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Age 50

1753 his Conference, had written him a letter painfully faithful; but the two friends knew and loved each other far too well for the least leaven of unkindly feeling to find a lodgment in the heart of either. Whitefield's grief was on his own account and that of the church apparently about to be bereaved; on Wesley's account, he was full of joy, and wished to exchange places with him. On the same day as the above was written, he addressed another friend as follows:-"The physicians think Mr. John Wesley's disease is a galloping consumption. I pity the church, I pity myself, but not him. We must stay behind in this cold climate, whilst he takes his flight to a radiant throne. Lord, if it be Thy blessed will, let not Thy chariot wheels be long in coming. Even so, come Lord Jesus, come quickly! Poor Mr. Charles will now have double work."1

Leaving Wesley and his friends in the midst of this deep sorrow, we conclude the present chapter with the customary review of Wesley's publications, during the year 1753. Before proceeding to do this, however, there is one affair, which was arranged in 1753, in reference to Wesley's book concern, which must not be overlooked. In his Journal, on February 8, 1753, Wesley wrote:-"A proposal was made for devolving all temporal business, books and all, entirely on the stewards; so that I might have no care upon me (in London at least) but that of the souls committed to my charge. O when shall it once be! From this day? In me mora non erit ulla."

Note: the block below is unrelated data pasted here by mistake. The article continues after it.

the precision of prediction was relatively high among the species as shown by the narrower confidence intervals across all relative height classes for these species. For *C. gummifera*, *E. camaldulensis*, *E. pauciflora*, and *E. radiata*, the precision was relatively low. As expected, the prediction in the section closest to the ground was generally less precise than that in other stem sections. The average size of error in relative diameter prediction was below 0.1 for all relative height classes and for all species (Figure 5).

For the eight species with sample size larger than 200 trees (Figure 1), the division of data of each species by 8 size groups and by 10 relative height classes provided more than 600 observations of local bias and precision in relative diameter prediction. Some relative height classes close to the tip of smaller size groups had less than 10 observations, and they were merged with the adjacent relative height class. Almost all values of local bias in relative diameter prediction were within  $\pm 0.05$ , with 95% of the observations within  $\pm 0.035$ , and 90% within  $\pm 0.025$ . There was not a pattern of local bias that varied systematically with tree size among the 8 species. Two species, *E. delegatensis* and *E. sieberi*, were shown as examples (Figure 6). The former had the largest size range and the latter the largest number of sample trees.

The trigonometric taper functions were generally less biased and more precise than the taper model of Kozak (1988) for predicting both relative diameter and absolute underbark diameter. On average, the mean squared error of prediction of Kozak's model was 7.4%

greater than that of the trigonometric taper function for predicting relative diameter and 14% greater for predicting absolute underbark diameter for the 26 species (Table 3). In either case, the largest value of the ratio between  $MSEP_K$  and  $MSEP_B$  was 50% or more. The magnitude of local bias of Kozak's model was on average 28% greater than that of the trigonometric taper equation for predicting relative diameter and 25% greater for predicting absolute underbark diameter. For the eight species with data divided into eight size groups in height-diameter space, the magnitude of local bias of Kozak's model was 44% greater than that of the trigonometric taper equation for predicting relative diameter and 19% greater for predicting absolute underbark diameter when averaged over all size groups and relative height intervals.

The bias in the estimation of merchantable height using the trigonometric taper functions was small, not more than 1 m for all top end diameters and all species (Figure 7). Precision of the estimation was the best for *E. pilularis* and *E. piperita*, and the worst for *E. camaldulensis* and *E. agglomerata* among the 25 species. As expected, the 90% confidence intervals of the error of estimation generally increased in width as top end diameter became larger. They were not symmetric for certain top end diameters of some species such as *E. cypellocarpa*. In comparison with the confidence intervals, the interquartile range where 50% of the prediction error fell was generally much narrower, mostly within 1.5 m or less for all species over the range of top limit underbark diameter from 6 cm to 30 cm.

Wesley, apparently, was incredulous, and yet this proposal, to a great extent at least, was carried out. We have now before us a printed folio circular, with the autograph signatures of T. Butts and W. Briggs, which must have attention. The first four paragraphs contain nothing but Christian sentiment, and, for want of space, are here omitted. The rest of the circular is as follows.

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"BELOVED BRETHREN IN CHRIST,—Our minister, Mr. John Wesley, for good cause, and upon mature consideration, has entrusted the ma

1 Whitefield's Works, vol. iii., p. 43.

2 The word "Manchester" is written, not printed.

Book Stewards' Circular.


nagement of his books to the stewards of this society, and to us in particular whose names are hereunto subscribed. He has, by a proper power of attorney, invested in us the whole care of printing, publishing, and dispersing them; and has likewise given us full authority to receive all their produce, and settle all accounts with booksellers or others, who are entrusted with the sale of them.

"Having undertaken this great concern, we are obliged, for our own security, and in order to prevent, if possible, all further inconveniences to our ministers, to use our utmost diligence, that, for the future, the book accounts in the country societies be kept with great exactness, and returns made with greater regularity than in times past. And, after seriously weighing various methods, we have come to this agreement,-to beg the stewards of each society, in the country, to take upon themselves the care of the book accounts; and we do hereby beseech you, dear brethren, for the love of Christ and His ministers, that you would be pleased to take upon yourselves the care of this article, and to observe the following regulations with the nicest punctuality :